The successful combination of two immunotherapies was already reported. Combined nivolumab and ipilimumab had better results than either drug alone to treat metastatic melanoma.(32,33) Both nivolumab and pembrolizumab, as well as other anti-PD1, anti PD-L1 and combinations with anti-CTLA-4, are under test for a variety of tumors, with some extraordinary preliminary results. Positive results with these immunotherapies have been reported in kidney, bladder, pancreatic, metastatic colorectal cancer related to Lynch syndrome, gastroesophageal cancer and glioblastoma, among others. Of note, although, is that for most diseases exist a clear correlation of benefit with the higher expression of PD-L1 on tumor cells,(34,35) and there is still no standardized evaluation for the expression of PD1 or PD-L1. An unique aspect related to immunotherapies is sometimes the significant delayed response, which has been reported both with anti-CTLA-4 as well as anti- -PD1 inhibitors.(36,37) This highlights the need for careful consideration before deeming these drugs ineffective, and it has led to the establishment of a different set of response criteria, known as immune-related response criteria (irRC).(38) Immune related adverse events derive from the activation of autoimmune-mediated diseases in the skin, gastrointestinal tract, liver and endocrine system. The most clinically relevant adverse event is diarrhea, which may have late onset and be life threatening if not rapidly and properly treated.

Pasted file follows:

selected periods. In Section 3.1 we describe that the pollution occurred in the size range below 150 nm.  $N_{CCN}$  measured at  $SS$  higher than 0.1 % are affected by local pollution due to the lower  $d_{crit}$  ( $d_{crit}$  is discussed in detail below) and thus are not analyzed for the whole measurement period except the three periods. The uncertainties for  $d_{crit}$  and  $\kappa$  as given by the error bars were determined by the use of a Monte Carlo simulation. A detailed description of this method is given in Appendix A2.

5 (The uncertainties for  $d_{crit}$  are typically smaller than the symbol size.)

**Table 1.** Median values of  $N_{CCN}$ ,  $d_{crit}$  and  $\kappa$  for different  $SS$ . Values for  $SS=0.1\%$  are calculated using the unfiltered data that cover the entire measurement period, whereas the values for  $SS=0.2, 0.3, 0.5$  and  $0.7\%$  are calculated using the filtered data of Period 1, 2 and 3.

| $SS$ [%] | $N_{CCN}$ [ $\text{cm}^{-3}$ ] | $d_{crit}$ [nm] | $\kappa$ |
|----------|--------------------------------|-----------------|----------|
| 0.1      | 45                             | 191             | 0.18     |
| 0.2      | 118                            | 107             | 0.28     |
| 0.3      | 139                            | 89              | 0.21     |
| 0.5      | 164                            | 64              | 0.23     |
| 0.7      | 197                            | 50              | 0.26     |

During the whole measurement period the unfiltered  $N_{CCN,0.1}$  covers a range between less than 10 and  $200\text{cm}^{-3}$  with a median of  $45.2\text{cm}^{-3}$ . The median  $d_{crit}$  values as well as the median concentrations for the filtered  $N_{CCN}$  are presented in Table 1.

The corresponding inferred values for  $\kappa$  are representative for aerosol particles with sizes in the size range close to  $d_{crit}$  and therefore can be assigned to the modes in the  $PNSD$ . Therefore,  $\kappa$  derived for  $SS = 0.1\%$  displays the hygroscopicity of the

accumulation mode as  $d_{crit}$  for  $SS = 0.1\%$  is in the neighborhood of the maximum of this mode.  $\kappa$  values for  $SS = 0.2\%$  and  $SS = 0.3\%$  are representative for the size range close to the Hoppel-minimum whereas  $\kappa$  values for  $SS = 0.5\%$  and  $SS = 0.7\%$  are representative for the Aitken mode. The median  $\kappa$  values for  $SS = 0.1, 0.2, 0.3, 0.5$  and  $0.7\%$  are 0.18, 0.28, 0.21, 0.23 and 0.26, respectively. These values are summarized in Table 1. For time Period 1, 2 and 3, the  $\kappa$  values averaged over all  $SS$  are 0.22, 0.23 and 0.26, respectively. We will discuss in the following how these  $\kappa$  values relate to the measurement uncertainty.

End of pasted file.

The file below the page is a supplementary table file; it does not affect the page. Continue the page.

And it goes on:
OTHER NEW SYSTEMIC TREATMENTS

In addition to the new targeted therapies and immunotherapies, few other new treatments (with various mechanisms of action) with significant clinical impact have emerged and been approved for clinical use in recent years.

Table 3 describes new systemic treatments, its indications, mechanisms of action and main results in clinical trials.

Table 3 Other new cancer therapies 

Reference Tumor type (by organ) Name of drug Mechanism of action Indication Main results Availability in Brazil
Ryan et al.(39) Prostate Abiraterone Blocks cytochrome P450 17 alpha-hydroxilase reducing androgen production Metastatic castration resistant prostate cancer Improvement in overall survival compared with prednisone Registered in Brazil. Not available in the Brazilian Public Health System
Beer et al.(40) Prostate Enzalutamide Androgen receptor blocker and androgen receptor signal inhibitor Metastatic Castration resistant prostate cancer Improvement in overall survival compared with placebo Registered in Brazil for castration and chemotherapy refractory disease. Not available in Brazilian Public Health System
Sweeney et al.(41); James et al.(42) Prostate Docetaxel Interferes with mitotic spindle Upfront treatment of castration sensitive metastatic prostate cancer Improvement in overall survival when added to castration, compared with castration alone Registered in Brazil. Available in the Brazilian Public Health System